Differential diagnoses to angina tonsillaris | Acute angina tonsillaris

Differential diagnoses to angina tonsillaris

Furthermore, special forms of tuberculosis, tonsil carcinoma, herpes or syphilis-related inflammations are to be excluded. – Acute viral pharyngitis: Similar symptoms, but no swelling/coatings of the palatal tonsils. – Side strand angina: Inflammation of the lymph vessels in the throat, usually unilateral, no coatings on the tonsils. – Scarlet fever: Additional rash (beginning on the upper part of the body), strongly reddened, spotted tongue (“raspberry tongue”). – Diphtheria (very rare): The whitish coatings on the oral mucosa and the tonsils bleed when removed and are painful, sweetish bad breath, mucosal necrosis

  • Pfeiffer’s glandular fever (infectious mononucleosis): mainly central plaques on the palatal tonsils, high fever and fatigue, involvement of the spleen and liver possible.

Chronic tonsillar angina

In chronic angina tonsillaris (more often than 5 times a year in 2 consecutive years) the palatal tonsils are scarred and reduced in size due to the frequent inflammations. Purulent cell remains (detritus) can therefore flow off poorly and inflammations occur again and again. This detritus is visible in the depressions of the palatine tonsils, whereby the symptoms can be much less pronounced than in acute angina tonsillaris.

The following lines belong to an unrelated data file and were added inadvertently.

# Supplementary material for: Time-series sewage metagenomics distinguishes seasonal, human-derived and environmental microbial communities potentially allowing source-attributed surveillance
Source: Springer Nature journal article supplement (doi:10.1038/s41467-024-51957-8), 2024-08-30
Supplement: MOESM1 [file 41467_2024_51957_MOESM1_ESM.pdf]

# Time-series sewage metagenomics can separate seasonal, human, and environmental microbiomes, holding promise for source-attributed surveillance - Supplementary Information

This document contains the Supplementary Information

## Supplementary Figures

A chronic angina tonsillaris can also be a “focus” for other chronic inflammations/diseases such as rheumatic fever, iritis, psoriasis. If the above-mentioned diseases are not treated successfully, chronic angina tonsillaris should be excluded.